Q: U.S. sanctions on Russia could impact the nation’s ability to acquire enough enriched uranium for the current fleet and new advanced reactor demonstration projects. What is DOE doing to ensure they can help meet this fuel demand?
A: The secretary has stood up a really important endeavor—a uranium strategy tiger team that the Office of Nuclear Energy and the National Nuclear Security Administration are working together on. That tiger team is focused on enabling a strategy that can give a comprehensive look at where our fuel cycle supply chain stands and how the DOE can bolster it. Our goal here is to ensure that, in the very near term, we have a plan. If Congress decides to appropriate funding and authorities to do so, we have a plan to help encourage our existing commercial nuclear fuel cycle suppliers to stand up new capacity and enable our fuel supply chain.
Q: What do you feel is the biggest challenge for nuclear energy right now?
A: In the United States, we have lost a lot of capability to build big complex engineering projects on time and on budget. I do think that this is a moment for us to seize an opportunity and demonstrate that we still can do this. The investors and financial interests that are ready to put dollars on the table for our clean energy transition, they need to see some predictability in those timelines and budgets and I think that’s an opportunity that nuclear really could hold in its hand if we can see these new demonstration projects come through as expected in a predictable way.
Q: DOE’s new Civil Nuclear Credit Program is accepting applications to support the continued operation of U.S. reactors. How impactful can this program be?
A: This program is absolutely critical. Nuclear power provides half of our nation’s clean electricity and it is the single largest source of our clean electricity. We cannot allow these plants to be economically at risk because we failed to recognize their important contributions to our clean energy system, to our firm energy capacity, and our energy resilience. Once a nuclear plant closes, it can be very hard to start it back up again, so we really just cannot allow them to close in the context in which we need them.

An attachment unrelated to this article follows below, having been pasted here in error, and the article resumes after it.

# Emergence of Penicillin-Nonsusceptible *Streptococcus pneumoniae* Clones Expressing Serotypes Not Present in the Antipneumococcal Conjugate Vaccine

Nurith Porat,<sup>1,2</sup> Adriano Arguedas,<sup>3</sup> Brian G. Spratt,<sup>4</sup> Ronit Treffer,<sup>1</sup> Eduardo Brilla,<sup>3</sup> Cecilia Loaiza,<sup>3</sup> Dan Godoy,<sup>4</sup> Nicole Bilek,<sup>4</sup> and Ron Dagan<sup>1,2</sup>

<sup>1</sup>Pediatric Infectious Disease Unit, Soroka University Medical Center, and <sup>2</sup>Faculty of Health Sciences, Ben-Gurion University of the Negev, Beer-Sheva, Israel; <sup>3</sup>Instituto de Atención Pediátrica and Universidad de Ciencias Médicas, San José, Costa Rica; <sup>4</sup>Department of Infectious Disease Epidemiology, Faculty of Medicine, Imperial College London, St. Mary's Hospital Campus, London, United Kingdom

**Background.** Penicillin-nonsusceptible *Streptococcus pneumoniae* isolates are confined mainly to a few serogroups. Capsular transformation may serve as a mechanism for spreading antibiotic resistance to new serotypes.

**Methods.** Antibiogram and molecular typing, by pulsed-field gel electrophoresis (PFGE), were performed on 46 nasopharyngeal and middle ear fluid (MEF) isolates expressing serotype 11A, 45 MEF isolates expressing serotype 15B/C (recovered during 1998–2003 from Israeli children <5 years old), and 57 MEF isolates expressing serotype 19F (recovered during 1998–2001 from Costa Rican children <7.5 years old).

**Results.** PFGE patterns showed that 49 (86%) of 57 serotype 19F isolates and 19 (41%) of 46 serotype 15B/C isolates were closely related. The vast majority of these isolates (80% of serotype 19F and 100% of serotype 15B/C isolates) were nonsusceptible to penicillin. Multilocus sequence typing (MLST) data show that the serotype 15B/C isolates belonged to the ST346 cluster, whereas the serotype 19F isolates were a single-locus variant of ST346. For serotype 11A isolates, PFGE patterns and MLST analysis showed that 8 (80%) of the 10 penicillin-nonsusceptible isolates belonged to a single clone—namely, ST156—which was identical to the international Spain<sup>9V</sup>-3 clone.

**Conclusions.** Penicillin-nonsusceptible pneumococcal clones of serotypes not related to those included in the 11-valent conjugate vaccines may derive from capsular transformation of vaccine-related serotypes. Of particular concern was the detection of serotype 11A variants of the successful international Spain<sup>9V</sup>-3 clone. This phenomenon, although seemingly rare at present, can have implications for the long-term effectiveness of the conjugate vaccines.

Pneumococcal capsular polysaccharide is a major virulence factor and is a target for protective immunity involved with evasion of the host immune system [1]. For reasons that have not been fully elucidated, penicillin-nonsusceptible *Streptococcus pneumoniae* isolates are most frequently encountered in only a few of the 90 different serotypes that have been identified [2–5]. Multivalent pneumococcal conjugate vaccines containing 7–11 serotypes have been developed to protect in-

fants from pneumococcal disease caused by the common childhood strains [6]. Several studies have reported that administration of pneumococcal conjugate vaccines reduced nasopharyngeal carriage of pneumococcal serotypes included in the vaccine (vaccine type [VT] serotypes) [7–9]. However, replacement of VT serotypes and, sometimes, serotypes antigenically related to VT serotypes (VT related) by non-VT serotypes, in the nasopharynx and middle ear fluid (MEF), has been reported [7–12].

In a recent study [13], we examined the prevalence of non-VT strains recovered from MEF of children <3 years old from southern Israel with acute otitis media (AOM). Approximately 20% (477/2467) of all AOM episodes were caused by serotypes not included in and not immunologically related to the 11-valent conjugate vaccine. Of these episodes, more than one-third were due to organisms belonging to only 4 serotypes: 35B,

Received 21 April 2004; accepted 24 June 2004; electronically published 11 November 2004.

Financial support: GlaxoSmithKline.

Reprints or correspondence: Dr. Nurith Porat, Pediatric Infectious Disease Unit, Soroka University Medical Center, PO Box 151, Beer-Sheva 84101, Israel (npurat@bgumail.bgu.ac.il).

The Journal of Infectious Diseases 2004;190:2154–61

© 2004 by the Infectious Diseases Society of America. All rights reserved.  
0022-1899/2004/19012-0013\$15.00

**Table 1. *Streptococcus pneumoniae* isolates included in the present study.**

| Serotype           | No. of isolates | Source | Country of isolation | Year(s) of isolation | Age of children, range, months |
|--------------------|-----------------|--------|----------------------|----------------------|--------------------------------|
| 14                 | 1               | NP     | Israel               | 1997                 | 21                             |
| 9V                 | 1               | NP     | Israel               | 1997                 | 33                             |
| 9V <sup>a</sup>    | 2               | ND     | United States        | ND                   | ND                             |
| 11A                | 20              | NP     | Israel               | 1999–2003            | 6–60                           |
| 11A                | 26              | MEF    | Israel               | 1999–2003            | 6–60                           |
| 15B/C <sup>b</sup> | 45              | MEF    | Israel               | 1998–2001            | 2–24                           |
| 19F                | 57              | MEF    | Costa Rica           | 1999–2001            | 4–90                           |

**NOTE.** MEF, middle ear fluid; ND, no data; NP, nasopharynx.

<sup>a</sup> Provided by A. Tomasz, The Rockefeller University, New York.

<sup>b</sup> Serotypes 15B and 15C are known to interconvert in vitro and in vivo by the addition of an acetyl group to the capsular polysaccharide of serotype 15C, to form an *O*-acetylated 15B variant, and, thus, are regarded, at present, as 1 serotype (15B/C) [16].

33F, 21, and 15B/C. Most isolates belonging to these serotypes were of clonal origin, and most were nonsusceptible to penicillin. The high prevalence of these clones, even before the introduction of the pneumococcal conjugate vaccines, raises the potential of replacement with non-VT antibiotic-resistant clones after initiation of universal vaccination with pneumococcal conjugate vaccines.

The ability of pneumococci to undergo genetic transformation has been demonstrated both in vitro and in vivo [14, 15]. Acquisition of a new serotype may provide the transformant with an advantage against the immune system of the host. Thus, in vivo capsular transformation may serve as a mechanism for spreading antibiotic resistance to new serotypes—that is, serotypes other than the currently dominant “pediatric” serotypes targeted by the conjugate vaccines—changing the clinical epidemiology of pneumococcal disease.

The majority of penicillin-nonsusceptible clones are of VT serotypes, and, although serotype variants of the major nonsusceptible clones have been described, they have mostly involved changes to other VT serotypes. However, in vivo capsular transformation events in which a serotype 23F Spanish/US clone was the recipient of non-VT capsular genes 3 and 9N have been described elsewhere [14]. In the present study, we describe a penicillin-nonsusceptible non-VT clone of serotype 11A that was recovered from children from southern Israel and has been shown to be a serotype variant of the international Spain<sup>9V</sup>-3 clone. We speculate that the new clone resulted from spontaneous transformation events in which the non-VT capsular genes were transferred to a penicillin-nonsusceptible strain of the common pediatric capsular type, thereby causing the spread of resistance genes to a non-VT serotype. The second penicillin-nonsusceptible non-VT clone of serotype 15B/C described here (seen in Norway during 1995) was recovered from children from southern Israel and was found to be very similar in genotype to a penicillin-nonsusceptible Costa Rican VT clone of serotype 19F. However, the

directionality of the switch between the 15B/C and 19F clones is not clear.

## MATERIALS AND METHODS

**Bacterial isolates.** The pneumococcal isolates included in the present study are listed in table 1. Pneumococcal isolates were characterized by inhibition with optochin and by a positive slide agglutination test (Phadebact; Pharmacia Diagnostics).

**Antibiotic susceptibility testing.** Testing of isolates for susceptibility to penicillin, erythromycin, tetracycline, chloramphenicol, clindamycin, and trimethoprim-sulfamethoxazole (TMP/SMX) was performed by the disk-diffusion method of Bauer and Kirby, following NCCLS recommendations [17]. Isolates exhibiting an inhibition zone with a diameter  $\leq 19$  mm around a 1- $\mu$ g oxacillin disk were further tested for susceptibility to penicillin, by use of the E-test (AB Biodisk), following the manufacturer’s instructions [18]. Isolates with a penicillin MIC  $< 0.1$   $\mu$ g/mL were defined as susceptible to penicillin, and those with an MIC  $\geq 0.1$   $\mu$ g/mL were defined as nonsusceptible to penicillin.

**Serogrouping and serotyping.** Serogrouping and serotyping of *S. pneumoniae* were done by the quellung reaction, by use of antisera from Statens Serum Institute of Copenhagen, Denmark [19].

Q: The Bipartisan Infrastructure Law also includes more than $2.5 billion to support the demonstration of two advanced reactors in the U.S. and at least one nuclear-hydrogen demo project. How important are these projects to the future of the industry?
A: The two demo projects and the hydrogen demonstrations are the future of the industry. As we look at those technologies being demonstrated here in the United States, they create the opportunity for the second-, third-, fourth-, and fifth-of-a-kind to be built, not only here in the United States, but elsewhere with our democratic partners interested in expanding their nuclear capacity. If we want to enable nuclear and renewables to work together on a clean energy grid, hydrogen is going to be absolutely necessary. Heat plus electrons is a great way to create hydrogen and can be an excellent demonstration of what’s possible with nuclear.
Q: Advanced nuclear will be in the clean energy conversation at several high-profile international events this year, including the Nuclear Power Minsterial and Clean Energy Ministerial that will both be held in the U.S. What role do you see for nuclear energy in global efforts to combat climate change?